All square in draughts challenge

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The Independent Online
AT THE half-way mark in the world draughts championship, man and machine are neck and neck: Dr Marion Tinsley and Chinook, the computer program challenging for his title, have each won two games, with 16 draws.

To combat the notoriously drawish nature of top-class draughts, the rules for this contest specify that the first three moves of each game (two black moves and one white) will be decided by ballot. There are 142 such three- move combinations that are generally agreed to be playable. Some have been analysed out to dull draws; others place one player immediately in a difficult position, but any element of luck is balanced out by playing two games with each sequence, reversing colours for the second.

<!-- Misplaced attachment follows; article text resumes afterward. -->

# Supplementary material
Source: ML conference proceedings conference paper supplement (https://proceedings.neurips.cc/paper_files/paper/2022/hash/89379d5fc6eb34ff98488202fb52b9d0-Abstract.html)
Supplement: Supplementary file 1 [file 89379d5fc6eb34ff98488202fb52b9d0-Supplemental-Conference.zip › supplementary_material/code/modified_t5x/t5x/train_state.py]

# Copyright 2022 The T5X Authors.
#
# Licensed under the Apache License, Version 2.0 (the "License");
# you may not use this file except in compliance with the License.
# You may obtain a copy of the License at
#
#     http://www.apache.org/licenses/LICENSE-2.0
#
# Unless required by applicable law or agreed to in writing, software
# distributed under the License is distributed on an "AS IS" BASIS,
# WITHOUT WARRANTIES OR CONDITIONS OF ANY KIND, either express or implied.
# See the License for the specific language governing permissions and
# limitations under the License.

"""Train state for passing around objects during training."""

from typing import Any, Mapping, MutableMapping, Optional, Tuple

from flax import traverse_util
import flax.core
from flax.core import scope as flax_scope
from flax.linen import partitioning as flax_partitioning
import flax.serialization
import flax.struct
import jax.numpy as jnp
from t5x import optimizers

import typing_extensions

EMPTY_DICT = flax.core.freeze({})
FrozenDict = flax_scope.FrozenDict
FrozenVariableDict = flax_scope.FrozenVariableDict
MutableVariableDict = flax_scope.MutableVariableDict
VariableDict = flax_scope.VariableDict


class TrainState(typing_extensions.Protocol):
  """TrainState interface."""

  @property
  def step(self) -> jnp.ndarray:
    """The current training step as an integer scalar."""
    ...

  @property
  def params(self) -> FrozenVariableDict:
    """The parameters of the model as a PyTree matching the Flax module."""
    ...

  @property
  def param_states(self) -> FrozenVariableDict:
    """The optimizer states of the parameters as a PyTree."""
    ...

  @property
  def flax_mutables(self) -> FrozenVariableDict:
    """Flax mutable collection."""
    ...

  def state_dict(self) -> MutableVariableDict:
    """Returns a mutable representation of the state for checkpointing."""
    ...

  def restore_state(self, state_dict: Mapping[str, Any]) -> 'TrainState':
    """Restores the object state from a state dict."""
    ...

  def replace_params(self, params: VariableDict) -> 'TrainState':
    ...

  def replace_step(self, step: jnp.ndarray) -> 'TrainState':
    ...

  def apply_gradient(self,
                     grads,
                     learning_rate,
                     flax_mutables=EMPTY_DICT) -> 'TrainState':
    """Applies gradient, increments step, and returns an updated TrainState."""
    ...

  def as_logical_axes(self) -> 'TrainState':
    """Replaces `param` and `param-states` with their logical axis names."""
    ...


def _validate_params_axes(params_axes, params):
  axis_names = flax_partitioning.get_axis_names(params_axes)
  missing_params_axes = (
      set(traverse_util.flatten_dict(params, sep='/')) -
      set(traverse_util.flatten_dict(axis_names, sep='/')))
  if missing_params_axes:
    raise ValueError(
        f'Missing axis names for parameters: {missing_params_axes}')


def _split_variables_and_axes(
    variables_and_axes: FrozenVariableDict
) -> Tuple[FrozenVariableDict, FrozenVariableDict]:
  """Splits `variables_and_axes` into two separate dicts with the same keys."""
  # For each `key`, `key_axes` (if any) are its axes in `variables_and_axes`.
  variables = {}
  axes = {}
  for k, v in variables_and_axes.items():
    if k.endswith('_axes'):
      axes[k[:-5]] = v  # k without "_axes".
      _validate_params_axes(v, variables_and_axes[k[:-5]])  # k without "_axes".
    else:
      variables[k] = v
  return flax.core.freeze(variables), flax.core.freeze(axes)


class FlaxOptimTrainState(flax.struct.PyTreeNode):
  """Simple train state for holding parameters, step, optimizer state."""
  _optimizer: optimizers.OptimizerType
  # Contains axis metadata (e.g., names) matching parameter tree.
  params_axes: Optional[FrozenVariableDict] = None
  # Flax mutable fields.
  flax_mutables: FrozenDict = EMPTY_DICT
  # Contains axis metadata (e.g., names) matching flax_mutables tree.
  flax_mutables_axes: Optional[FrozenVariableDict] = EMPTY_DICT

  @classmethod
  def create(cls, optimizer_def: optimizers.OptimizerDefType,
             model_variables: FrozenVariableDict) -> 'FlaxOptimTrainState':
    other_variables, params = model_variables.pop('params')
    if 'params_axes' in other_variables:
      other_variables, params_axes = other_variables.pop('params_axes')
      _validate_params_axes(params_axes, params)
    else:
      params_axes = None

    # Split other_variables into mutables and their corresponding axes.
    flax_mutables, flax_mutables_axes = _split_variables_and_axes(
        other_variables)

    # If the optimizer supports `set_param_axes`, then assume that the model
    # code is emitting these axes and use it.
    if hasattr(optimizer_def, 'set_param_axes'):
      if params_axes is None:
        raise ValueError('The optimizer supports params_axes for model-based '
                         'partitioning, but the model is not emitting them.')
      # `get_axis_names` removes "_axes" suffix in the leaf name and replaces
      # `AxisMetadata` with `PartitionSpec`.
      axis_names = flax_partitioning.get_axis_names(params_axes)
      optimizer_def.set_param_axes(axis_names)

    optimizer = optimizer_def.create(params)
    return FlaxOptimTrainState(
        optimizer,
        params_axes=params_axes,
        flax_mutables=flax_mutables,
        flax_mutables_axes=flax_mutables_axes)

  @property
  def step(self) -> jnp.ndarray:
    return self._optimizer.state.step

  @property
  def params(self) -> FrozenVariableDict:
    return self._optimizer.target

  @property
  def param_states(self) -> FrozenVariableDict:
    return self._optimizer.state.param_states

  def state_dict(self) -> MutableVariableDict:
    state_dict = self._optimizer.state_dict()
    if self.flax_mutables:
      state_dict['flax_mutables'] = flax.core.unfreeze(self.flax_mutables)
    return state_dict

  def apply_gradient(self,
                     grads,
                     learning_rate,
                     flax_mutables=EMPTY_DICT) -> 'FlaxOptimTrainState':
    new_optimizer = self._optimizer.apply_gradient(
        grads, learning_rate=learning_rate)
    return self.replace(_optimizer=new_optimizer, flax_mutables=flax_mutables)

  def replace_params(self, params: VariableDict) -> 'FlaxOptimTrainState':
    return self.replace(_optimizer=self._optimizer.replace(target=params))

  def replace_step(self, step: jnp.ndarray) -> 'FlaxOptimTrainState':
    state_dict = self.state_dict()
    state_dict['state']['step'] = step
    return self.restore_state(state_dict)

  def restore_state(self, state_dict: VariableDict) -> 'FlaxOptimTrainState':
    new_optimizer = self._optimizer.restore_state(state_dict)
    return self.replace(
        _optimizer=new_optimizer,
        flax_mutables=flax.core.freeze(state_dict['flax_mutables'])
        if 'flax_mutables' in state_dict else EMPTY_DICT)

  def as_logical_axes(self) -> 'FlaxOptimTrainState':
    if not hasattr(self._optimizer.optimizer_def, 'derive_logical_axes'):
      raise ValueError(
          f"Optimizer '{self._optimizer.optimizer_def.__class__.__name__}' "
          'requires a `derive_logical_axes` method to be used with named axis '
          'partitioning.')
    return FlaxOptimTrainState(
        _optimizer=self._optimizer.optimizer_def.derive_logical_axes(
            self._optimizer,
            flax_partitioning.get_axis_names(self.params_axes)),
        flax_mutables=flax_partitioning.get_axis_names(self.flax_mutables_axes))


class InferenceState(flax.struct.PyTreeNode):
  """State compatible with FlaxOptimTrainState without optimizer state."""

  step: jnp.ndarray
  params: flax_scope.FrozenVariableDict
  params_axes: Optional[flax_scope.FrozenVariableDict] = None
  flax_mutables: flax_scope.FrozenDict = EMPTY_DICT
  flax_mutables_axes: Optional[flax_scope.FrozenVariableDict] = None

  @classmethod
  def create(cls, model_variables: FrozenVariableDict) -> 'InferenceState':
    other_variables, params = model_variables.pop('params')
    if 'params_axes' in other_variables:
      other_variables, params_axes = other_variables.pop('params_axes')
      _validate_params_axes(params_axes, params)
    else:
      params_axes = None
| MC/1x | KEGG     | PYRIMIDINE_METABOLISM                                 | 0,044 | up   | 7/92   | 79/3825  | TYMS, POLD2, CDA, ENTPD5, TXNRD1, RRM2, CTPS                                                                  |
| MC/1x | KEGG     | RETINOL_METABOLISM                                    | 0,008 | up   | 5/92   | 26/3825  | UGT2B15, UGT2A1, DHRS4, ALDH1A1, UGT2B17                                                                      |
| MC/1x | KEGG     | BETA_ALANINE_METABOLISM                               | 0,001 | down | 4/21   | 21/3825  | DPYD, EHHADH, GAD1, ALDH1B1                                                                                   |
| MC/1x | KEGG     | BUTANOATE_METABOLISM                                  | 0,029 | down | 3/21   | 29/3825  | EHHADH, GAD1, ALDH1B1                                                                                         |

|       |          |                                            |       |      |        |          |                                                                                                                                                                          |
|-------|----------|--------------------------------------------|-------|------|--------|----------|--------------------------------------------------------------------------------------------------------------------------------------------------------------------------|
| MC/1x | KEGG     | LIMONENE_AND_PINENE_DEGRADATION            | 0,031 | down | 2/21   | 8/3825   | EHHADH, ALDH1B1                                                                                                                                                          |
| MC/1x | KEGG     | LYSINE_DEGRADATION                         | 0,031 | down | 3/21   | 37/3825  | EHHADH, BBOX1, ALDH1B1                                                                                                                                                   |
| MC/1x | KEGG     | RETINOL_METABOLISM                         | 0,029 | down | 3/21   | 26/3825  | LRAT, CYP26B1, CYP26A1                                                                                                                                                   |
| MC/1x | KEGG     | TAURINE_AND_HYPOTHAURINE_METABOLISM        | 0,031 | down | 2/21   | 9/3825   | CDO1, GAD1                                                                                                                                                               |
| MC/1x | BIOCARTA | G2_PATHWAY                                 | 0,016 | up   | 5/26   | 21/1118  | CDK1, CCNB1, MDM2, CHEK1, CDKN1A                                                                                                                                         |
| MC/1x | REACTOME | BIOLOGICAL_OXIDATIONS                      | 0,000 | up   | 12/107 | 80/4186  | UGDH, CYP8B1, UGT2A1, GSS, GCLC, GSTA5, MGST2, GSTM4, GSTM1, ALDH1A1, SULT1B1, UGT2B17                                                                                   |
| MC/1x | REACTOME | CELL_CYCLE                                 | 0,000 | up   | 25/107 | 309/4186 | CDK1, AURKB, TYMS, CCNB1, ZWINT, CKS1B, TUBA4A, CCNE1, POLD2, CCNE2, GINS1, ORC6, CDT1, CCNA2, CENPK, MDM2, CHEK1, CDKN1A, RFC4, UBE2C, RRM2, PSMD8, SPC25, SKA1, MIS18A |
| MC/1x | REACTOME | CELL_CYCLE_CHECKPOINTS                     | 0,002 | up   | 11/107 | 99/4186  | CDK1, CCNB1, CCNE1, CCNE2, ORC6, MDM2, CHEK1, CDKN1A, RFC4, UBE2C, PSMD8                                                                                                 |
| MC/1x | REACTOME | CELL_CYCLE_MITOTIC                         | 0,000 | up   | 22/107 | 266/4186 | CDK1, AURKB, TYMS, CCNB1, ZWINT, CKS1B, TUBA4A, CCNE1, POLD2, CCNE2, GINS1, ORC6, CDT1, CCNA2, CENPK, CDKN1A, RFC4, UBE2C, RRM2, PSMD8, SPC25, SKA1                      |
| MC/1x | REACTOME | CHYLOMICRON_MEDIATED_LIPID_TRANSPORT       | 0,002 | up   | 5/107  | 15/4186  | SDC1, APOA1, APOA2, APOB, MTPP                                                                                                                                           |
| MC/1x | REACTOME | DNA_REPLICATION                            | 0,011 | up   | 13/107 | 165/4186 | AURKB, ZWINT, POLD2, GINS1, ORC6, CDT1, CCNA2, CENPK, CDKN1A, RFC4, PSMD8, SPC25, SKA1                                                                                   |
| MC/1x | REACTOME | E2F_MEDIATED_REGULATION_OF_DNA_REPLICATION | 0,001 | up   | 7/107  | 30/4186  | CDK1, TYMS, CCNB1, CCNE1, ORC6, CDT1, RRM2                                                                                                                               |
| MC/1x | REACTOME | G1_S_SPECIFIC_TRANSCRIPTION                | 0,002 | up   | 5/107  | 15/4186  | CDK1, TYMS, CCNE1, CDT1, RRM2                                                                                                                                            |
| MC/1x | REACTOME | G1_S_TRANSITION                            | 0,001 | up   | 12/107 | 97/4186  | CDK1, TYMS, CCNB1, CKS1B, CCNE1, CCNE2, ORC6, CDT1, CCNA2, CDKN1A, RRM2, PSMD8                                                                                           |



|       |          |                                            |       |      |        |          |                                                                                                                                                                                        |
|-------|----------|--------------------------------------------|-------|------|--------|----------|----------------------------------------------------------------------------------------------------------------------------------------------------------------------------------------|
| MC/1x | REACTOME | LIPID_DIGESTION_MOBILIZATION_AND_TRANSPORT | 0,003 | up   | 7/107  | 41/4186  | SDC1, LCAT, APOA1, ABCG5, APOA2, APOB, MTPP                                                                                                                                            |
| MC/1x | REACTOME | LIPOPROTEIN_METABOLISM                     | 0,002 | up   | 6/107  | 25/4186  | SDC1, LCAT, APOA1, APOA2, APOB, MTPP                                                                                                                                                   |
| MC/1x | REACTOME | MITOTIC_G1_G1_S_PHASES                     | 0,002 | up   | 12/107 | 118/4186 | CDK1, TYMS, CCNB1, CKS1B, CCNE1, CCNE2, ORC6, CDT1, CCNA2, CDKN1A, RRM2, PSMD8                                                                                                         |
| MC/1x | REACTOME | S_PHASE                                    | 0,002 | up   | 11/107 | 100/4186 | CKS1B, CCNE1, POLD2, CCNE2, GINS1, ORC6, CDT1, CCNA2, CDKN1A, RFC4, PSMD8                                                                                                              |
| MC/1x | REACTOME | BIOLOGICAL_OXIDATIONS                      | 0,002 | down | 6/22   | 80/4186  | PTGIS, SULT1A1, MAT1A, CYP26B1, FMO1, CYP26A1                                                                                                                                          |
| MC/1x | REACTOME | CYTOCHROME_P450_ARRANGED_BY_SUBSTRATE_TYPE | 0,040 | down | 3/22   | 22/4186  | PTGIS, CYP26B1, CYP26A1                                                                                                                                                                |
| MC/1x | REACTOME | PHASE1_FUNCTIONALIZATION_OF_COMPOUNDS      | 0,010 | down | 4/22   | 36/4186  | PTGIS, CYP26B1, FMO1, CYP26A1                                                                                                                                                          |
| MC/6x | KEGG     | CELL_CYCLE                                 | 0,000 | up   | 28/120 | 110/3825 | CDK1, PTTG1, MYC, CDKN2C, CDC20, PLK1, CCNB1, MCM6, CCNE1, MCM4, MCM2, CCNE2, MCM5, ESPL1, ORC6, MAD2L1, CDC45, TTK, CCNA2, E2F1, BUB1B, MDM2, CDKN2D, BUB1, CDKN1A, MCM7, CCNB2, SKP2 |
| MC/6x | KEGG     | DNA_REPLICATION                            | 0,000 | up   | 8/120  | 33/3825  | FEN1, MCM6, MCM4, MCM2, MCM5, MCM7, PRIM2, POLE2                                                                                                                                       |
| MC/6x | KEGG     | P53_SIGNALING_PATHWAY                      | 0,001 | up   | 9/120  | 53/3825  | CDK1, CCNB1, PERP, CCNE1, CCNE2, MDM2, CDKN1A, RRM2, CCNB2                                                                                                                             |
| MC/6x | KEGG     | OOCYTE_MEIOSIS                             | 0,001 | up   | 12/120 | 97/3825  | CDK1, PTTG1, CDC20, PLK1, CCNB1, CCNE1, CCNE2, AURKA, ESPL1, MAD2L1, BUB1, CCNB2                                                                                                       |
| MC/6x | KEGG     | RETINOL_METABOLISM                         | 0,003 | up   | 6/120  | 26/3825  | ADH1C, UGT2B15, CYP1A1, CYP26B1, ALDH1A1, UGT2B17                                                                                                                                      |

Playing four games each day, as the schedule demands, can therefore involve the contestants either in the effortless replay of four well-known draws or 14 hours or more of extremely hard work.

The machine may be weakening, however. Signs of fallibility first appeared in game 11, with a breakdown of the program linking the computer to the graphics screen. The game was suspended to correct the fault, but when it resumed Chinook seemed to have lost its train of thought. To avoid a dispute, games 11 and 12 were declared drawn.

Worse happened in game 18, when Chinook conceded defeat after appearing to slip into the computer equivalent of a coma. In game 20 it seized again.

Nobody is certain what is afflicting Chinook. Some say it is overheating; some suggest a programming error; others a hardware fault. Divine retribution has also been suggested.

In yesterday's Independent on Sunday, however, Chinook's programmer was quoted as saying: 'My computer is dumb. It'll only do what I program it to do.' Perhaps Chinook is simply peeved.

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